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Woman in a sweater standing on a beach with her back to the camera

This poem was written by a freelance writer, dreamer, and poet who is currently exploring the story of her Jewish ancestry and identity.

Lisa Rothman
A smooth grey rock in sand surrounded by a swirl pattern in the sand

The Days of Awe offer us opportunities to consider how we spend our days and what brings us joy. This work is precisely what we need to be doing at this season.

Rabbi Ilana Schachter
Loose beads of different colors; some strung on a string

When I first learned about stringing and restringing our beads based on life experiences, I began to see my relationship with Torah as an ongoing, nonlinear process.

Jared Goldin
Open book of the Koran on a small bench atop a colorful embroidered rug

I always find interfaith encounters provide myriad ways to evaluate and deepen my own faith and who better to learn about the Koran than one who has never read it?

Sofi Hersher
Flat gray and black rocks balanced on top of one another

Musar connects my Jewish learning and burgeoning spiritual awakening with what I used to call my “regular” life, the bridge between my two previously separated worlds.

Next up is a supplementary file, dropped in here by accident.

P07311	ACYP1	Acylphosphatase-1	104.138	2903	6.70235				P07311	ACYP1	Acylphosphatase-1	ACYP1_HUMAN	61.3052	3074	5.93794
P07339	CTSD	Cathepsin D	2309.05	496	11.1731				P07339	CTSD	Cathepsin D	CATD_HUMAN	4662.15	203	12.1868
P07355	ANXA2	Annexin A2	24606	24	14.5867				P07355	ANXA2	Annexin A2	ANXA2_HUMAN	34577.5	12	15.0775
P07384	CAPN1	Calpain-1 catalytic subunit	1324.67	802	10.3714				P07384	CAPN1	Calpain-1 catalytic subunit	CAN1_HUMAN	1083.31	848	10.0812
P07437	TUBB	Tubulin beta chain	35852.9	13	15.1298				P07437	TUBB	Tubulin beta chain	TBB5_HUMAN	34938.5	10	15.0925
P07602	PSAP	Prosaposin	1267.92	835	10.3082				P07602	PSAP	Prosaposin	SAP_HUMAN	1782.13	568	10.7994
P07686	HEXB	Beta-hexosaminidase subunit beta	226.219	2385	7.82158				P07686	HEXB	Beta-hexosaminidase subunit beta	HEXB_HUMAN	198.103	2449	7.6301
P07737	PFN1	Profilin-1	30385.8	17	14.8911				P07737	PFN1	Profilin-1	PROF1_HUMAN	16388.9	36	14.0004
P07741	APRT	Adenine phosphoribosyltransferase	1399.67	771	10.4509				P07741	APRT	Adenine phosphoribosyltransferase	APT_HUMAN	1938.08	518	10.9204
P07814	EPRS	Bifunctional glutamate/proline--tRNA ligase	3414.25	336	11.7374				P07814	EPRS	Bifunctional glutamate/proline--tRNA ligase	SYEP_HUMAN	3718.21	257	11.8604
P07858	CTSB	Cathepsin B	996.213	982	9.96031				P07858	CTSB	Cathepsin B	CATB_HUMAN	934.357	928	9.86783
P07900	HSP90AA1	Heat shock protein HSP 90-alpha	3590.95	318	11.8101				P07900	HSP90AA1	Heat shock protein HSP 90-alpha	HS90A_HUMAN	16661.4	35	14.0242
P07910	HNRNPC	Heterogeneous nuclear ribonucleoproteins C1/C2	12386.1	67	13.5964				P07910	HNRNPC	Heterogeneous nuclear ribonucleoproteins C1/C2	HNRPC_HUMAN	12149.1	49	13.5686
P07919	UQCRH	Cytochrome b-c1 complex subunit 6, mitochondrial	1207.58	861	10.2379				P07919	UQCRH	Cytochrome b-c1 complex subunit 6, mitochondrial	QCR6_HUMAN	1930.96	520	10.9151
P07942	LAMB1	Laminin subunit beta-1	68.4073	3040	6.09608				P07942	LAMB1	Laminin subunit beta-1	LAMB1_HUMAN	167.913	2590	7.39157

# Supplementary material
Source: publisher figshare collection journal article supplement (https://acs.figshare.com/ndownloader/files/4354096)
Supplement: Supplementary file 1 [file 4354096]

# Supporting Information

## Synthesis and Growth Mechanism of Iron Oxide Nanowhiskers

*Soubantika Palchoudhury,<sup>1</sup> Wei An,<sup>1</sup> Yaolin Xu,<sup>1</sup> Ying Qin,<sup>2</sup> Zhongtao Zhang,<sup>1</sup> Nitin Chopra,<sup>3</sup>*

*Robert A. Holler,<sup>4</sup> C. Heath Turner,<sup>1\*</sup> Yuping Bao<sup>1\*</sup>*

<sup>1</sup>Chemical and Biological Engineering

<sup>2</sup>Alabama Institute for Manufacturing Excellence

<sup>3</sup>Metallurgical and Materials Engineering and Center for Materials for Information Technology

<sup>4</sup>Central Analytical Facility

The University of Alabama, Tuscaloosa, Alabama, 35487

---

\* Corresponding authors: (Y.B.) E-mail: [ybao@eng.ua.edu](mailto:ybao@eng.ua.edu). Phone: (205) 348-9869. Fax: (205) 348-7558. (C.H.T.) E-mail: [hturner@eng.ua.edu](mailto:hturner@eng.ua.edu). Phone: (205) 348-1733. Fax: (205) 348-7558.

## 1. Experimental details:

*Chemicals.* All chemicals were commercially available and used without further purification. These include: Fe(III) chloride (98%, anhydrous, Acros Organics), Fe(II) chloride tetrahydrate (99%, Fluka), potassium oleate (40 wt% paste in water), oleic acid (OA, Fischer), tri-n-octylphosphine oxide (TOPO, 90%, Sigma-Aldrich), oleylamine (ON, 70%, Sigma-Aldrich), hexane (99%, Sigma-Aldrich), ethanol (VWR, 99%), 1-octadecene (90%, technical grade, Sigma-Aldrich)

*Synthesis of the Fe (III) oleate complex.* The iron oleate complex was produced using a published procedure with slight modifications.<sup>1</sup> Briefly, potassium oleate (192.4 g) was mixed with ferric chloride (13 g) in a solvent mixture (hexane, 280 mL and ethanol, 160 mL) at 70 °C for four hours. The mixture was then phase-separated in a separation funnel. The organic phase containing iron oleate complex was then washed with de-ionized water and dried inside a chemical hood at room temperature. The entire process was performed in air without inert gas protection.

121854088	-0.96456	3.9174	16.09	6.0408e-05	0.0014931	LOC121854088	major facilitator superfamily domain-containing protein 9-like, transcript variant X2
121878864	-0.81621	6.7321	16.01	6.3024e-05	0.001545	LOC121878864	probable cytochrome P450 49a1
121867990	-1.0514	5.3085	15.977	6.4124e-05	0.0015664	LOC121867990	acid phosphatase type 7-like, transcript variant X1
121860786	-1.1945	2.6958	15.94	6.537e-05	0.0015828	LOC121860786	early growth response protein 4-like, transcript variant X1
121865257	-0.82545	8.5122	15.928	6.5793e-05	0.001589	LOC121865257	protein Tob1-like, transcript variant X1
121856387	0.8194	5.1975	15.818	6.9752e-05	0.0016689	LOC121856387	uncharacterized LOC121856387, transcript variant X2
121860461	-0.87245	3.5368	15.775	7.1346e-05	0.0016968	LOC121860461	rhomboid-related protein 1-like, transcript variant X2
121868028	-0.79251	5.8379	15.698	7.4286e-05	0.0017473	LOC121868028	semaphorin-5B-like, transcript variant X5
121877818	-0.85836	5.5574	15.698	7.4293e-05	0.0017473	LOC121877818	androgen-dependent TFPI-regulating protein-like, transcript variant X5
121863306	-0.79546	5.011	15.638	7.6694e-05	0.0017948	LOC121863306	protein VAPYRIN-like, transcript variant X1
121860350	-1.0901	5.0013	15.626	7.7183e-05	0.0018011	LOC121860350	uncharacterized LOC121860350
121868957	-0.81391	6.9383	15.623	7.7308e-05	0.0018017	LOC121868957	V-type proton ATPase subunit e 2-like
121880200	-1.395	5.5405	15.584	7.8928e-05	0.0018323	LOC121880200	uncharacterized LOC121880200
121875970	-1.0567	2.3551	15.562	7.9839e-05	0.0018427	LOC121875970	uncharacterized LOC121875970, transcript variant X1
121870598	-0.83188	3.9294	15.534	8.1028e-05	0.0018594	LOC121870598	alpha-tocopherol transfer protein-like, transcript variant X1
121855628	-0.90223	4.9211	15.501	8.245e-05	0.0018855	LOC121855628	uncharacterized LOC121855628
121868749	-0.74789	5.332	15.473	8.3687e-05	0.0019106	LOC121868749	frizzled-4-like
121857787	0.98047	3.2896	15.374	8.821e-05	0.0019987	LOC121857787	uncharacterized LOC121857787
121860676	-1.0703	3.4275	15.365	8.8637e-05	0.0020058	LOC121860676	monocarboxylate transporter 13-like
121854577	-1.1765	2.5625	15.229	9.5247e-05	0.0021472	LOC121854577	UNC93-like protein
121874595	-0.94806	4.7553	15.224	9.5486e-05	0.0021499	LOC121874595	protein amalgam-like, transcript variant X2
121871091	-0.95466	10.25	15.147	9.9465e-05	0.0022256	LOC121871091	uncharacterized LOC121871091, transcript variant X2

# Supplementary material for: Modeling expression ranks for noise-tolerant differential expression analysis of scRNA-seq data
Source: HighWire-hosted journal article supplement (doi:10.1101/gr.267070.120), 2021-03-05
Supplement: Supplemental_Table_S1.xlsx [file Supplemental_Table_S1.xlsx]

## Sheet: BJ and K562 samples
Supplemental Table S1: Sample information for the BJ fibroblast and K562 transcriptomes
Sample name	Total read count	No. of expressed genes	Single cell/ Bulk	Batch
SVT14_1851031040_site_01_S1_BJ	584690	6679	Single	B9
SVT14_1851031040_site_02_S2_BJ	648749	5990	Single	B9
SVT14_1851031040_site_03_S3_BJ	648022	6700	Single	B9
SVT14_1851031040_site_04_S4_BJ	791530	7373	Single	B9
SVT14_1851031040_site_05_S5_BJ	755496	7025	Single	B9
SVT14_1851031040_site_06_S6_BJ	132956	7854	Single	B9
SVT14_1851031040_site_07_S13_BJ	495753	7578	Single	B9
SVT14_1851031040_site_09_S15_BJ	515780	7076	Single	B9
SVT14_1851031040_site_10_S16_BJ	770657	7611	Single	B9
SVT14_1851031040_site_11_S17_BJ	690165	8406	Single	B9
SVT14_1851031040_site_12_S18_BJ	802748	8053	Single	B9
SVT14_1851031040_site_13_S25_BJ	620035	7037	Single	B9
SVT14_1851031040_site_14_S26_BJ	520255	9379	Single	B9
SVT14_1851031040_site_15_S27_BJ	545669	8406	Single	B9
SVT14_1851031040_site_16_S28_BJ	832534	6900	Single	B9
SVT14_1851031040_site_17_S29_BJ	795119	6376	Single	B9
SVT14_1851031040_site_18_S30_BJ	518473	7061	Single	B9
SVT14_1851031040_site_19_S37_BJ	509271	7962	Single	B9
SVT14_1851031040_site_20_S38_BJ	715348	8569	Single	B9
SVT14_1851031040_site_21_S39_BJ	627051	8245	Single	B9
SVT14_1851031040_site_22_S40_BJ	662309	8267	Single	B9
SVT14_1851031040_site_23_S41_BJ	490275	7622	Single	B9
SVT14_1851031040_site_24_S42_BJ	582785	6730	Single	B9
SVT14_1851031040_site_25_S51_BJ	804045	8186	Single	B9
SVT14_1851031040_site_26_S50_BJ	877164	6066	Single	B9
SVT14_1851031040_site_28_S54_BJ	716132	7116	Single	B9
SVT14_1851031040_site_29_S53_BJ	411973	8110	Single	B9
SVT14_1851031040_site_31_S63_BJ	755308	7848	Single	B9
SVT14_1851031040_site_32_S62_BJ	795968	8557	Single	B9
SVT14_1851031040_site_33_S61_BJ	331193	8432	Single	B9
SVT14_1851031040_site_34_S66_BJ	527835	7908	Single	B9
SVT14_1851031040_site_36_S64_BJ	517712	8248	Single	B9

Jared Goldin
Cupped hands emitting sparkles against a dark blue sky

Do you really think God talks to us? Hearing the Divine is not easy work, and we don’t have a map or a knowledgebase to work from.

Stephen Berer
Large, ornate, multi-colored stained glass window

Krista Tippett is the creator and host of the radio show and podcast On Being. Learn what draws her to conversations about faith, ethics, and moral wisdom.

Aron Hirt-Manheimer
Sunlight shining upon a footbridge in a forest

I first found my voice at a dying woman’s bedside during a unit of clinical pastoral education.

Cantor Lisa Levine
Torah with kippah and yad

The rabbi invited me to help with hagbah, an honor usually reserved for a strong man because some scrolls are extremely heavy – and the last thing anyone wants is for a Torah scroll to fall or be dropped.

Jane E. Herman
Martin Buber

Spirituality thrives in homes, offices, and synagogues, hiding in plain sight -- in small talk, and in extended conversations. Jewish thinker Martin Buber called this spirituality “I-Thou.”

Rabbi Dennis S. Ross


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